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predicate is barely affirmed or denied of the subject ; but in a modal proposition, the affirmation or negation is modified, by being declared to be necessary, or contingent, or possible, or impossible. These are the four modes observed by Aristotle, from which he denominates a proposition modal. His genuine disciples maintain, that there are all the modes that can affect an affirmation or negation, and that the enumeration is complete. Others maintain, that this enumeration is incomplete ; and that when an affirmation or negation is said to be certain or uncertain, probable or improbable, this makes a modal proposition, no less than the four modes of Aristotle. We shall not enter into this dispute ; but proceed to observe, that the epithets of pure and modal are applied to fyllogisms as well as to propositions. A pure syllogisin is that in which both premises are pure propositions. A modal syllogism is that in which either of the premises is a modal proposition.

The fyllogisms of which we have already said so much, are those only, which are pure as well as categorical. But when we consider, that through all the figures


and modes, a fyllogism may have one premise modal of any of the four modes, while the other is pure, or it may have both premises modal, and that they may be either of the same mode or of different modes; what prodigious variety arises from all these combinations ? Now it is the business of a logician, to shew how the conclusion is affected in all this variety of cases. Aristotle has done this in his First Analytics, with immense labour; and it will not be thought strange, that when he had employed only four chapters in discussing one hundred and ninety-two modes, true and false, of pure fyllogisms, he should employ fifteen upon modal fyllogisms.

I am very willing to excuse myself from entering upon this great branch of logic, by the judgement and example of those who cannot be charged either with want of respect to Aristotle, or with a low esteem of the syllogistic art.

Keckerman, a famous Dantzican professor, who spent his life in teaching and writing logic, in his huge folio system of that science, published ann. 1600, calls the doctrine of the modals the crux logi



corum. With regard to the scholastic doctors, among whom this was a proverb, De modalibus non guftabit afinus, he thinks. it very dubious, whether they tortured most the modal fyllogisms, or were most tortured by them. But those crabbed geniuses, says he, made this doctrine so very thorny, that it is fitter to tear a man's wits in pieces than to give them folidity. He desires it to be observed, that the doctrine of the modals is adapted to the Greek language. The modal terms were frequently used by the Greeks in their difputations; and, on that account, are so fully handled by Aristotle : but in the Latin tongue you shall hardly ever meet with them. Nor do I remember, in all my experience, says he, to have observed any man in danger of being foiled in a dispute, through his ignorance of the modals.

This author, however, out of respect to Aristotle, treats pretty fully of modal propositions, shewing how to distinguish their subject and predicate, their quantity and quality. But the modal fyllogisins he passes over altogether.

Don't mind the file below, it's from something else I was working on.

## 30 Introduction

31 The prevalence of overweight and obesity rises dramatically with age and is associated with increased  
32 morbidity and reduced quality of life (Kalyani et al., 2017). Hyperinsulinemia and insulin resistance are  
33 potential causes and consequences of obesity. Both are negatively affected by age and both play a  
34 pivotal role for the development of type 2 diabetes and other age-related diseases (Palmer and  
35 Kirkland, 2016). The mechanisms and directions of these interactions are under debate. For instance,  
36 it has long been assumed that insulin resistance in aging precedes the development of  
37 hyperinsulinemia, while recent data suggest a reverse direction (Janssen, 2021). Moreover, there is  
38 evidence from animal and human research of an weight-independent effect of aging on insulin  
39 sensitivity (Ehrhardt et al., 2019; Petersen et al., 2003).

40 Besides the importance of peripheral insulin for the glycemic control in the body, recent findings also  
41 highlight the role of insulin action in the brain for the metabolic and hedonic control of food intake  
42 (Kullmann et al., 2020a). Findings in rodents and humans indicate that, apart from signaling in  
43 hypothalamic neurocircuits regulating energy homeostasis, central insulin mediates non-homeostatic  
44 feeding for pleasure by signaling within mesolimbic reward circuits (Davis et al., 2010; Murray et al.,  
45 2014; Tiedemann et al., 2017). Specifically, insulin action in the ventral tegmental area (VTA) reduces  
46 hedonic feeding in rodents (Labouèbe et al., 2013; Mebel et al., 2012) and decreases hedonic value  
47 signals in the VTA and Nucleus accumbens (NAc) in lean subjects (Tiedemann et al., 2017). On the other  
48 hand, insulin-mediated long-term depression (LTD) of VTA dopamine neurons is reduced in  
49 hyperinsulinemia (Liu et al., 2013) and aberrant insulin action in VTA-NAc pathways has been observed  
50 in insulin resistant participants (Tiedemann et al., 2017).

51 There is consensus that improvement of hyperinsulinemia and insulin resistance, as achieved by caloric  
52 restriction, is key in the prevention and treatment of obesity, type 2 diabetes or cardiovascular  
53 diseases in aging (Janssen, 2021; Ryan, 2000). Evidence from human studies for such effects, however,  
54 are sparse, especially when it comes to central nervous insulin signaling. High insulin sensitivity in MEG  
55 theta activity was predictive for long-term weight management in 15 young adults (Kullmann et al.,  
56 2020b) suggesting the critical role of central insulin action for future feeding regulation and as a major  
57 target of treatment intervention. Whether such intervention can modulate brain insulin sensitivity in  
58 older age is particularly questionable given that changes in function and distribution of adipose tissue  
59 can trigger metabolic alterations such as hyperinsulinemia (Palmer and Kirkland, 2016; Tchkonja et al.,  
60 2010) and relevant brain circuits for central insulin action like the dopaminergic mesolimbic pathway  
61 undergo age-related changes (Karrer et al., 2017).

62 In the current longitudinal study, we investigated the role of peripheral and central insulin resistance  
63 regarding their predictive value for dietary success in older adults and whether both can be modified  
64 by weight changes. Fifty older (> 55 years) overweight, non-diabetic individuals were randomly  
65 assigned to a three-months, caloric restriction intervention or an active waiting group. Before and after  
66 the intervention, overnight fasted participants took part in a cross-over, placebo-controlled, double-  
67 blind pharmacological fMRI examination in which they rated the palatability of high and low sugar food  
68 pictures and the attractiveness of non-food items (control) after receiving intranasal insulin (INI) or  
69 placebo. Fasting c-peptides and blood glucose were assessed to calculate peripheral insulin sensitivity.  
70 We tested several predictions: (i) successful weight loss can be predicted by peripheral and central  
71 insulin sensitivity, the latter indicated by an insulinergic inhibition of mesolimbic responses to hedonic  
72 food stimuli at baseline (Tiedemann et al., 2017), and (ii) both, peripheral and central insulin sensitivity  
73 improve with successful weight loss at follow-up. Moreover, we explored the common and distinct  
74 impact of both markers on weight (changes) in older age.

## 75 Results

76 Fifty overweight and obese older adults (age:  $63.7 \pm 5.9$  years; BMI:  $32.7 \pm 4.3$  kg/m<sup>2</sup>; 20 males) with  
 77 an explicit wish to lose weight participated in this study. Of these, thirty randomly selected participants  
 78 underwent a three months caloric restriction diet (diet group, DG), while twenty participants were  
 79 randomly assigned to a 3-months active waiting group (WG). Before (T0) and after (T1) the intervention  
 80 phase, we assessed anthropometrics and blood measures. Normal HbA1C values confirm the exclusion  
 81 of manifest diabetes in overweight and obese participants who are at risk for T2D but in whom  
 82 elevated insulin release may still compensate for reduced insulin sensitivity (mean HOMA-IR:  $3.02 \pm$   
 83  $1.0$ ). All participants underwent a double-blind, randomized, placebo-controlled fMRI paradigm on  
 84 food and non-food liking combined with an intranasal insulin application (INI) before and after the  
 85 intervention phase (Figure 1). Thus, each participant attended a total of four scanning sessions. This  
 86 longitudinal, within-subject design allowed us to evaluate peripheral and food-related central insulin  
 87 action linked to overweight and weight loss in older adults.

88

Ludovicus Vives, whom I mention, not as a devotee of Aristotle, but on ac



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count of his own judgement and learning, thinks that the doctrine of modals ought to be banished out of logic, and remitted to grammar; and that if the grammar of the Greek tongue had been brought to a system in the time of Aristotle, that most acute philosopher would have faved the great labour he has bestowed on this subject.

Burgersdick, after enumerating five classes of modal syllogisms, observes, that they require many rules and cautions, which Aristotle hath handled diligently ; but that as the use of them is not great and their rules difficult, he thinks it not worth while to enter into the discussion of théin ; recommending to those who would understand them, the most learned paraphrase of Joannes Monlorius upon the first book of the First Analytics.

All the writers of logic for two hundred years back that have fallen into my hands, have passed over the rules of modal fyllogiíms with as little ceremony. So that this great branch of the doctrine of fyllogisın, so diligently handled by Aristotle, fall into negled, if not contempt, even while the doctrine of

púre fyllogifms con


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tinued in the highest esteem. Moved by these authorities, I shall let this doctrine rest in peace, without giving the least difturbance to its afhes.


Sect. 7. On Syllogisms that do not belong

to Figure and Mode.

Aristotle gives fome observations upon imperfect fyllogisms : such as, the Enthimema, in which one of the premises is not expressed but understood : Induction, wherein we collect an universal from a full enumeration of particulars : and Examples, which are an imperfect induction, The logicians have copied Aristotle upon these kinds of reasoning, without any considerable improvement. But to compensate the modal syllogisms, which they have laid aside, they have given rules for several kinds of fyllogifm, of which Aristotle takes no notice.

These may be reduced to two classes,

The first class comprehends the fylloar gisms into which any exclusive, restrictive, exceptive, or reduplicative proposition enters. Such propositions are by fome called 3 C 2


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